The Divine that Exists In the Resistance

Update: I had this essay posted by Common Dreams:

I have a benefit tonight that I am speaking at in support of Palestine. In the toast I am to give, I will reference other struggles against oppression and occupation, particularly those resistance struggles that I was grateful to be given the opportunity to stand with in solidarity this past year: in Okinawa, at Standing Rock and in Palestine.

For someone like me, who had professionally studied war and insurgencies for years, and then executed such knowledge on behalf of the US government in support of the occupations in Afghanistan and Iraq, being on the other side of the rifle was heartbreaking and difficult, as seeing the military and police enforcing the racist occupations, political oppression and environmental destruction was a mirror held up to me, reflecting my own past, my own mistakes, my own collaboration with greed, hate and subjugation. Being allowed the opportunity to stand with these resistance movements was rewarding and it was healing, as it was a form of recovery for my moral injury and guilt from the wars. I can never undo or repair what I took part in in Iraq and Afghanistan, but I can, going forward in my life, live a life working with others for peace and justice, both at home and abroad.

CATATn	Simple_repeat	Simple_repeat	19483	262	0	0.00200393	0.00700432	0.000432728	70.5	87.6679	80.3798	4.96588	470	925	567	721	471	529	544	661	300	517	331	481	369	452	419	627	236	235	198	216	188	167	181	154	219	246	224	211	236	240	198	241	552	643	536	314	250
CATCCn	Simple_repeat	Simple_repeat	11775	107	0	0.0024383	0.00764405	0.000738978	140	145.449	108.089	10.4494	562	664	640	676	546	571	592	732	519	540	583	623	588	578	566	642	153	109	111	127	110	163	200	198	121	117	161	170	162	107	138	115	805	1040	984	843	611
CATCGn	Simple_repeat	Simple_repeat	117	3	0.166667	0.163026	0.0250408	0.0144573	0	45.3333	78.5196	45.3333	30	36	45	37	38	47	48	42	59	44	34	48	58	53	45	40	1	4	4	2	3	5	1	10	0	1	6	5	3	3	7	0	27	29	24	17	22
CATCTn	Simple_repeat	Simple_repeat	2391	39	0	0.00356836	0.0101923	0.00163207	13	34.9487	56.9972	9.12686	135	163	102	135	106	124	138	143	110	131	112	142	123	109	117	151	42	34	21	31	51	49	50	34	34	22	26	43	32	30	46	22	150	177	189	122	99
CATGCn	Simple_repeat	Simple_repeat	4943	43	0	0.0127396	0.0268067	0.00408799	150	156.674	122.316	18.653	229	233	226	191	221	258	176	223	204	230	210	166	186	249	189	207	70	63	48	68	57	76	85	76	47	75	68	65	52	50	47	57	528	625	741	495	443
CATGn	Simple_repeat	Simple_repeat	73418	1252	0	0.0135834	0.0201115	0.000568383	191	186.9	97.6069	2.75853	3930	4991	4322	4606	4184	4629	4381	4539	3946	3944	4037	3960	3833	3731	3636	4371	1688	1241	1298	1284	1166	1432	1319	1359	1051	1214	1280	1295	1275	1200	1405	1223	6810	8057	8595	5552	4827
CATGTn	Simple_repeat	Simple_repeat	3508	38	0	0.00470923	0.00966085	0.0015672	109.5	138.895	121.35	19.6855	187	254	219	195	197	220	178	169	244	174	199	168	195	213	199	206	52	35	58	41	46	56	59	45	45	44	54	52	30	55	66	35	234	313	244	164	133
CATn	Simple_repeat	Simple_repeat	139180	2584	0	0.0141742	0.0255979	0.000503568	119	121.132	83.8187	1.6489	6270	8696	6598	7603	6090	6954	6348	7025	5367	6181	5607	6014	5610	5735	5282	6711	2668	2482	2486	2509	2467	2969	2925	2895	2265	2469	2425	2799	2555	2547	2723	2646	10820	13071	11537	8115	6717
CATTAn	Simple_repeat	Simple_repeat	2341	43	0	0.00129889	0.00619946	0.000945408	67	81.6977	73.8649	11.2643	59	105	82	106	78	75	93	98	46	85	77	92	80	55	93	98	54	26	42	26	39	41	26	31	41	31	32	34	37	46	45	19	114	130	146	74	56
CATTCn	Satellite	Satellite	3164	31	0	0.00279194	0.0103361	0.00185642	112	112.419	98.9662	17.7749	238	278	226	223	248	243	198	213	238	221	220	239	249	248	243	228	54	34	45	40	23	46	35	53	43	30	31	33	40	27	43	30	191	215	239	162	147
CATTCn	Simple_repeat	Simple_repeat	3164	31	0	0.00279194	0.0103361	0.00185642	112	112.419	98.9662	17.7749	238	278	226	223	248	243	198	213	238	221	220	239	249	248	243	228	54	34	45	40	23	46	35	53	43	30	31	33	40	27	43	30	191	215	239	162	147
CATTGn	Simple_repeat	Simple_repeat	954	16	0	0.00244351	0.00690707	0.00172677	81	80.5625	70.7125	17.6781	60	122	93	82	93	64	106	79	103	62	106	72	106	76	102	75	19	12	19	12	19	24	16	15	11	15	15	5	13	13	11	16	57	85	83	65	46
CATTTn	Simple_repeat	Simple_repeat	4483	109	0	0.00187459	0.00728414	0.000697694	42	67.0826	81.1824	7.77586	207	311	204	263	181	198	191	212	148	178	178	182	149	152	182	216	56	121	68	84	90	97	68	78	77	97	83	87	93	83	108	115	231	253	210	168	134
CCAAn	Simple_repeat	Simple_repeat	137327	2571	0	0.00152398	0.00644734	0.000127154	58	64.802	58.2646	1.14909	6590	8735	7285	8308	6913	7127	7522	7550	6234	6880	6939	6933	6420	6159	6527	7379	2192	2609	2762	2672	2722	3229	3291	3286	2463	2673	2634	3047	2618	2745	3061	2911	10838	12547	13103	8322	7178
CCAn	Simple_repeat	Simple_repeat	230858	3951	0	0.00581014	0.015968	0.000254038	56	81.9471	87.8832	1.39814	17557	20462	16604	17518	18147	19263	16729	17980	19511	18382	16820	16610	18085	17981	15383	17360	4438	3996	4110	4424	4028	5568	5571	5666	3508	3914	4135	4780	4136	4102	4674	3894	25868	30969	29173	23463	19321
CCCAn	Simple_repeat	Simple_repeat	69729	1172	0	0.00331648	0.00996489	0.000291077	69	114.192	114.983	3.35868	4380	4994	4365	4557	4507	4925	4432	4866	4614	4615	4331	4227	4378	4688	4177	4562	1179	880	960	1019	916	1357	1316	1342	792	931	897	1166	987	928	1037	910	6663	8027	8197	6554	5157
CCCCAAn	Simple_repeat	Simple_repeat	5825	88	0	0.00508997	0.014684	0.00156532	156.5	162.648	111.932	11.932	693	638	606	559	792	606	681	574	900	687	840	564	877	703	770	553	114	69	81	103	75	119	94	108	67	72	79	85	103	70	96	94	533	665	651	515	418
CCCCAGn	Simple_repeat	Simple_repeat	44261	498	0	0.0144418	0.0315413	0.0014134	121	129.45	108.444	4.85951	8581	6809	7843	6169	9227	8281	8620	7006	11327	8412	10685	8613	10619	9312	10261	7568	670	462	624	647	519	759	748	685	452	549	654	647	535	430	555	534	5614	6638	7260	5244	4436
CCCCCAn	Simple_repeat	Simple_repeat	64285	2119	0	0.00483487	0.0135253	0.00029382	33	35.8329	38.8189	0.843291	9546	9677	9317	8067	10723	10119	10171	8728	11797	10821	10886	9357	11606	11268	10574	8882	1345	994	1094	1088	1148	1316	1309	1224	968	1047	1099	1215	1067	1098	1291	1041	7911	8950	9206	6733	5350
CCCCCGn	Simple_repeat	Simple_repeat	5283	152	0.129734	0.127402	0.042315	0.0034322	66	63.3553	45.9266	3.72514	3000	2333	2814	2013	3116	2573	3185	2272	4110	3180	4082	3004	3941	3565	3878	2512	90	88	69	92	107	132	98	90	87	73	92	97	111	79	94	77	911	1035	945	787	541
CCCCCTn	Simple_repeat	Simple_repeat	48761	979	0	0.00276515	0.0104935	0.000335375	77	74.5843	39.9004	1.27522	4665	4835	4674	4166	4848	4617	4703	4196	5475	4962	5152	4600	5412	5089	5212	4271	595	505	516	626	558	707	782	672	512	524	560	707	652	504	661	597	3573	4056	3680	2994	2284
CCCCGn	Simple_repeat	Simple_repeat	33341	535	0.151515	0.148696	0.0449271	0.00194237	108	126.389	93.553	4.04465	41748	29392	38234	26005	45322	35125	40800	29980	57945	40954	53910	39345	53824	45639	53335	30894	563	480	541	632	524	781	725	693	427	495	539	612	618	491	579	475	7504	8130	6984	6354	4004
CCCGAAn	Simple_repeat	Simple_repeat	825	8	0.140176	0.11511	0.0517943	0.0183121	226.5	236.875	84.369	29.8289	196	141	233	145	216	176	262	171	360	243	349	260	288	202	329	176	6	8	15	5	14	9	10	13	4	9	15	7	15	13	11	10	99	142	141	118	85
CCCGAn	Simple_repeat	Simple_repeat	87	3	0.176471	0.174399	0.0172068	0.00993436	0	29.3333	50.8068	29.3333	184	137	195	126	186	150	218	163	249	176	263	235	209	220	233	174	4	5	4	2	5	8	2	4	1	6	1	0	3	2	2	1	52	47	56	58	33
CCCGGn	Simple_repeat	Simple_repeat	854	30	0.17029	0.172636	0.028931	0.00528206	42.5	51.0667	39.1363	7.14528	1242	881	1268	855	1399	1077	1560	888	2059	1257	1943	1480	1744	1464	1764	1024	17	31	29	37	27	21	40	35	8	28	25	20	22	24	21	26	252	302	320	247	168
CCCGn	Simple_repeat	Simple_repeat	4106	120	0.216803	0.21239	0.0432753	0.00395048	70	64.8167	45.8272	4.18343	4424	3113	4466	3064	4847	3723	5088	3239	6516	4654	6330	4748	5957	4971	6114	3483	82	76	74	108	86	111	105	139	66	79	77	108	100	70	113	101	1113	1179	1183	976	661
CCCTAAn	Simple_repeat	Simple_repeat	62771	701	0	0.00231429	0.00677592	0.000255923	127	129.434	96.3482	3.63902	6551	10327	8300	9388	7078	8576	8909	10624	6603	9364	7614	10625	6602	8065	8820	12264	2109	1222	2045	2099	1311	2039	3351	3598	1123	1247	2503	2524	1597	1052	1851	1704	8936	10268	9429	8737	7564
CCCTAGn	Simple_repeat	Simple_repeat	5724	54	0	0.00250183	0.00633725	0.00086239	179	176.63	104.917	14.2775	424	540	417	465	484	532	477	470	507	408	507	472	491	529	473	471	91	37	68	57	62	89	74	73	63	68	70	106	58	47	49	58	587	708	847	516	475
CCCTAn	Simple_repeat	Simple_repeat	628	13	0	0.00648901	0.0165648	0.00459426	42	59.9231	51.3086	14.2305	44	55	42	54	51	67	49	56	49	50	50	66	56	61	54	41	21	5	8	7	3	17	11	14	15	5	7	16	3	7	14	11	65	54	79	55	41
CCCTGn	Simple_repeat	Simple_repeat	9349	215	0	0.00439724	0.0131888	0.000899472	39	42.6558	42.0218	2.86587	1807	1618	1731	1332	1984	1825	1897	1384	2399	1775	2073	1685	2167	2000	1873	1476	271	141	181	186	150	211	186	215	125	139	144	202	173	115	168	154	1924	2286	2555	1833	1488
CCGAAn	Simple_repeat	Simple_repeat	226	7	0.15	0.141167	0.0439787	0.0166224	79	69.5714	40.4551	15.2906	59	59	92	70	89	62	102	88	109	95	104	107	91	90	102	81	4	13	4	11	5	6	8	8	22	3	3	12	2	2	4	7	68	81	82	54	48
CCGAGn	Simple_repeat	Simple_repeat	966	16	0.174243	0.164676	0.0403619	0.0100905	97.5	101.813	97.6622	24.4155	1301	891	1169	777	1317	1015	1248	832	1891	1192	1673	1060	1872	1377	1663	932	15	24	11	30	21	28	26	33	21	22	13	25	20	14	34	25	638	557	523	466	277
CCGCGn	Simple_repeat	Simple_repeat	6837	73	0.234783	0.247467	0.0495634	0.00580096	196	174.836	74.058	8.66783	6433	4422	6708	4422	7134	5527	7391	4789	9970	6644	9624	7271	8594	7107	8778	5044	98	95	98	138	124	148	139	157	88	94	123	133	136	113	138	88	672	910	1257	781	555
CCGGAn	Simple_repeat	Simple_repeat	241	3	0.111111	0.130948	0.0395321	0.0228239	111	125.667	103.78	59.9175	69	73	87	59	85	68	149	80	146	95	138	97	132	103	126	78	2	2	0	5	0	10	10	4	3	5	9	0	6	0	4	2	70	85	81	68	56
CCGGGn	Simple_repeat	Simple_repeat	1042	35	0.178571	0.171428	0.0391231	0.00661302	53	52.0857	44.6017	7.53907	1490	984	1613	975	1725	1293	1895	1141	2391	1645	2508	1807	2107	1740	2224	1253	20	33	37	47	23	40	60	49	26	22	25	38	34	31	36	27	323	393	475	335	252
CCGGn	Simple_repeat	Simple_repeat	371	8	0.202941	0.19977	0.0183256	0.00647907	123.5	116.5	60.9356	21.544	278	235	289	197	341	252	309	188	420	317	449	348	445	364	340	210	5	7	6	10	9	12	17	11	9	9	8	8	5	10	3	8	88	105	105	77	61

Veterans For Peace members march in Hebron, Occupied West Bank, February 2016. Photo credit: Ellen Davidson, Veterans For Peace
Members of Veterans For Peace and Palestinian Youth Against Settlements leader Issa Amro intercede with the Israeli police and military to stop firing in Hebron, Occupied West Bank, February 2017. Photo credit: Sabah Media

The commonness and similarities that exist between these resistance movements are many: a firm belief in and understanding of non-violence; the use of music and song; and the graciousness and openness to outsiders, like myself and other white veterans of the American military whose relationship to the occupation forces and powers cannot be ignored or dismissed, but are understood as the actions of the colonial and imperial powers and not the actions, will or soul of the individual soldier, or Marine in my case.

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Veterans For Peace members and Okinawan resistance members block the road in Okinawa to protect the Yanbaru forest from US military construction, September 2016. Photo credit: Mike Hastie, Veterans For Peace.
Members of Veterans For Peace and Okinawan resistance members resisting attempts by Japanese police to move them as they protect the Yanbaru forest from US military construction, September 2016. Photo credit: Mike Hastie, Veterans For Peace